History in Structure

This site is entirely user-supported. See how you can help.

Railway overbridge MVL3/20, Wright's Mill

A Grade II Listed Building in Mossley, Tameside

We don't have any photos of this building yet. Why don't you be the first to send us one?

Upload Photo »

Approximate Location Map
Large Map »

Coordinates

Latitude: 53.5295 / 53°31'46"N

Longitude: -2.0338 / 2°2'1"W

OS Eastings: 397859

OS Northings: 403652

OS Grid: SD978036

Mapcode National: GBR GW7M.HH

Mapcode Global: WHB9C.QKR1

Entry Name: Railway overbridge MVL3/20, Wright's Mill

Listing Date: 23 March 2018

Grade: II

Source: Historic England

Source ID: 1452406

Location: Mossley, Tameside, OL5

County: Tameside

Civil Parish: Mossley

Traditional County: Yorkshire

Lieutenancy Area (Ceremonial County): Greater Manchester

Summary

Railway overbridge, 1845-1849, by AS Jee for the Huddersfield & Manchester Railway.

Description

Railway overbridge, 1845-1849, by AS Jee for the Huddersfield & Manchester Railway.

MATERIALS: buff sandstone.

DESCRIPTION: the bridge carries the footpath from east-west across the railway. Due to gradients it slopes down towards the east. The bridge comprises a single segmental-arched span recessed between battered abutments to either side of the steep cutting, with a parapet.

The stonework is regular-coursed and quarry-faced. The stone of the arch piers and the voussoirs has tooled margins, the keystone breaking the arch above and below. The impost bands, sloping string course above the arch and the chamfered-and-weathered parapet copings are dressed. The abutments curve outwards slightly at all four corners and terminate in slender piers with shallow, pyramidal caps. The arch soffit is narrow-coursed masonry with tooled detailing. The road surface was much overgrown at the date of survey (2017).

History

In contrast to the main trunk lines of the late 1830s that were constructed by single railway companies the route from Stalybridge to Leeds had fragmented origins and was the work of three different railway companies: the Huddersfield & Manchester Railway, Leeds, Dewsbury & Manchester Railway, and the Manchester & Leeds Railway.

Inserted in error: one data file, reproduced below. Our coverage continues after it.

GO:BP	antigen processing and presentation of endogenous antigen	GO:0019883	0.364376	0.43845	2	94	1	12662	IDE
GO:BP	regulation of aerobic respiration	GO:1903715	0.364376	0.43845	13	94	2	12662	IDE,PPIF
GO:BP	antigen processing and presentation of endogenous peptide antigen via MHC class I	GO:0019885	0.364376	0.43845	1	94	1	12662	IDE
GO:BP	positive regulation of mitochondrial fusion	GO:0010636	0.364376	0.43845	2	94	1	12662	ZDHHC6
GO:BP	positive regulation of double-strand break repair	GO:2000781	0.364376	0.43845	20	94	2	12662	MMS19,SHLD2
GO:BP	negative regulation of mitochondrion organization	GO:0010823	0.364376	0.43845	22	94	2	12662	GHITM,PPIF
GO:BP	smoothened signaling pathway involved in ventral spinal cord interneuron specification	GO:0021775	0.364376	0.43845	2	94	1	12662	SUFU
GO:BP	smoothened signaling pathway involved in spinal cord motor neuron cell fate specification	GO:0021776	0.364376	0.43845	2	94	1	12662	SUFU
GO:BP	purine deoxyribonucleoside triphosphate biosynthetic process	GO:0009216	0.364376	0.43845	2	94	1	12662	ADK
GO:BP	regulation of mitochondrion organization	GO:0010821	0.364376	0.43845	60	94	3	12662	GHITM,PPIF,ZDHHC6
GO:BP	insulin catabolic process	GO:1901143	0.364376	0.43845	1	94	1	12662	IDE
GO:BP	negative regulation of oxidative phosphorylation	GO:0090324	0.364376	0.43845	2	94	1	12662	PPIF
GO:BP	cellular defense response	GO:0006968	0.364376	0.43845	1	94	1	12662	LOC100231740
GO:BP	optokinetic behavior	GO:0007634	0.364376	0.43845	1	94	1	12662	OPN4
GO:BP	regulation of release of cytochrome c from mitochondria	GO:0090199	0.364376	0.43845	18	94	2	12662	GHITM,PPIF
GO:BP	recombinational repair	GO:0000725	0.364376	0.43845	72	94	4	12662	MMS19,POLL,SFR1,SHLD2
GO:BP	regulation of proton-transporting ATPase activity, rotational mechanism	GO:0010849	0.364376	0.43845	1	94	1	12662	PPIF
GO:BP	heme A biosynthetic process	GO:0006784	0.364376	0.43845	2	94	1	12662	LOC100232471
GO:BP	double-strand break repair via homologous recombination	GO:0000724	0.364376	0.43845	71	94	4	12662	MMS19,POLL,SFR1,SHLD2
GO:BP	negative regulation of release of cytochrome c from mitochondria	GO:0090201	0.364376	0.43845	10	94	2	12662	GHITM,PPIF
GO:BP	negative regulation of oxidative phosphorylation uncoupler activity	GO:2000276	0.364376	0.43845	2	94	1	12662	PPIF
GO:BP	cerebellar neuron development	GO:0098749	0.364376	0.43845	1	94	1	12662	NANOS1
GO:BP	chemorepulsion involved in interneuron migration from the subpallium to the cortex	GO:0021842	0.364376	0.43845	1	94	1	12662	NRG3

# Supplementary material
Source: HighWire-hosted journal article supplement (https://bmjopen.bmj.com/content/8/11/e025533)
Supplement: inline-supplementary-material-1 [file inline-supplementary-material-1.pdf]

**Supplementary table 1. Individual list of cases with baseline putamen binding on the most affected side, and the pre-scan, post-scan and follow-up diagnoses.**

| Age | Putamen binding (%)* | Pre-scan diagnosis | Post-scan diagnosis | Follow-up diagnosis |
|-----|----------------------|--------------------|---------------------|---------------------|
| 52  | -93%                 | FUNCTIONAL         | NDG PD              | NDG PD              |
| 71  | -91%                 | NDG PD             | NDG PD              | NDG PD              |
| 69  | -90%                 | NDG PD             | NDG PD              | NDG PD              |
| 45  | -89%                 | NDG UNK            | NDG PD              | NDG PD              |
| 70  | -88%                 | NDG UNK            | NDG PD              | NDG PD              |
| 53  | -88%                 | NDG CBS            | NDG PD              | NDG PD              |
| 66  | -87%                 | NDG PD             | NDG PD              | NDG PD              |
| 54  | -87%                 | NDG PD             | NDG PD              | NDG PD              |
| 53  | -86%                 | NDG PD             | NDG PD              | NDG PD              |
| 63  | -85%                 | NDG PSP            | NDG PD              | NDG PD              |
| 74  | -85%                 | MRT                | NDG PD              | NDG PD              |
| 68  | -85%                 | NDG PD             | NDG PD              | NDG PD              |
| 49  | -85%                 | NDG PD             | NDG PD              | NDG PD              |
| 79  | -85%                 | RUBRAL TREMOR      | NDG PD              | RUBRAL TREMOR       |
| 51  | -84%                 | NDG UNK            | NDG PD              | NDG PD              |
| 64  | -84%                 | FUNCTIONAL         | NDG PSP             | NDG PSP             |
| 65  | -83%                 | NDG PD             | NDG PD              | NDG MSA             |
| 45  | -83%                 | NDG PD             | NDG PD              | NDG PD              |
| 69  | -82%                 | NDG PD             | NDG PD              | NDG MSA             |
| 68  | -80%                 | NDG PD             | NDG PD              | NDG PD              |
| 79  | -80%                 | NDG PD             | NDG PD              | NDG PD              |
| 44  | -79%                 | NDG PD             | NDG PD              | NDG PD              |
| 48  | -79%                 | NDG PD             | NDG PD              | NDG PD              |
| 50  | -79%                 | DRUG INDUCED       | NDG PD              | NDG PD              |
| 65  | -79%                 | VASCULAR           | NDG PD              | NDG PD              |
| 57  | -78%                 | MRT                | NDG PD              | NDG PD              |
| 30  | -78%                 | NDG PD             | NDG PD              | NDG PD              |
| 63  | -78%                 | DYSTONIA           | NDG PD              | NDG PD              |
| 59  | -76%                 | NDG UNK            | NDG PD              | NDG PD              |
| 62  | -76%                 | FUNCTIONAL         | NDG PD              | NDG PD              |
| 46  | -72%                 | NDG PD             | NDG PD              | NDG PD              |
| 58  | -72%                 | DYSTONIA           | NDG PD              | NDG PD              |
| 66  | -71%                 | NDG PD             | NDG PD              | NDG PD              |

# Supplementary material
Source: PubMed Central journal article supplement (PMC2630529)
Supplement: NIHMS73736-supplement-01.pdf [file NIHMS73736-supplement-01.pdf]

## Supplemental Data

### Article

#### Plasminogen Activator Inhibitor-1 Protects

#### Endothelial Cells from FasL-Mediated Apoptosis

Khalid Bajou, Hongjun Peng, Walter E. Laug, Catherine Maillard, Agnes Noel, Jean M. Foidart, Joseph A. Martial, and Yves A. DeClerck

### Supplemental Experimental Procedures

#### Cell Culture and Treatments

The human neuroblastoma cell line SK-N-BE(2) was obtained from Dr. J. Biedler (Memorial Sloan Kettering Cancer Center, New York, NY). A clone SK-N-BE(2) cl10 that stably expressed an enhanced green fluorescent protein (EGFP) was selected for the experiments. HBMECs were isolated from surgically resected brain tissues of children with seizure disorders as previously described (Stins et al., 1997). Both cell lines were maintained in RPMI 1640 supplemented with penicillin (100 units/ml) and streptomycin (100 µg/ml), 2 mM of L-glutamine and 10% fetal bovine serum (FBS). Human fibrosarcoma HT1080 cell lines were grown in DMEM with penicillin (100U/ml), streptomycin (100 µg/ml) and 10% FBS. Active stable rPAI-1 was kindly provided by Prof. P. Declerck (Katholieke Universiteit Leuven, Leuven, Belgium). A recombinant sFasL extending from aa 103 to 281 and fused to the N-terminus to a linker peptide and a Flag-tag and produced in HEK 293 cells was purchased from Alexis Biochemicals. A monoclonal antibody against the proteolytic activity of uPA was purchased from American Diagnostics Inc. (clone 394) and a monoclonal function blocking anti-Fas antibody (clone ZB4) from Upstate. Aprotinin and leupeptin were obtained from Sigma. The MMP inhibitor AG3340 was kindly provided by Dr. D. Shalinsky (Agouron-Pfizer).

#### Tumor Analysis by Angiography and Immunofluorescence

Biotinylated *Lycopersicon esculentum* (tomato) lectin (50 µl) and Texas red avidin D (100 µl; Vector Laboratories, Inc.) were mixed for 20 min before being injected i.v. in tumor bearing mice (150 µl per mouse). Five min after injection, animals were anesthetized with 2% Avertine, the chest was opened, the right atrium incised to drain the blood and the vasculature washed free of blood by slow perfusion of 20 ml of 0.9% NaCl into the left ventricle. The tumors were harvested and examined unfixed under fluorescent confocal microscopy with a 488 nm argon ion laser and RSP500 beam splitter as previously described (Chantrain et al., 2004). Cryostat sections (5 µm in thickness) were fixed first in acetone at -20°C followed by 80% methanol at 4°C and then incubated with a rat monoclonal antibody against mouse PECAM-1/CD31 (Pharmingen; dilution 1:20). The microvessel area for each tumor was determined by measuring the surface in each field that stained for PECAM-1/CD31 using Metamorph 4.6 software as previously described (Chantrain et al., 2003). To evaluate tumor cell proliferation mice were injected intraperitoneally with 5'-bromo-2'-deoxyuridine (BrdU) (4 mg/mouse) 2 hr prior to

The Huddersfield & Manchester Railway was authorised in 1845 and followed the route of the Huddersfield Narrow Canal for much of its length, including a railway tunnel through the Pennine hills set alongside the earlier Standedge Canal Company tunnel of 1811; in 1846 the railway company also acquired the canal. Joseph Locke and Alfred Stanistreet Jee were appointed to survey and design the new line, the two engineers having already worked together on a major project linking Manchester and Sheffield. Jee became the lead engineer for the Huddersfield line, which passed through challenging terrain, assisted by resident engineers that included his brother Moreland Jee (until 1848) and Herbert F Mackworth. Construction of the line was divided into various contracts, with many contractors being only responsible for a single cutting, viaduct or tunnel portal. The largest contract for the Standedge Tunnel between Diggle and Marsden was let to a single contractor, Thomas Nicholson in 1847. The tunnel's completion in 1849 marked the opening of the line.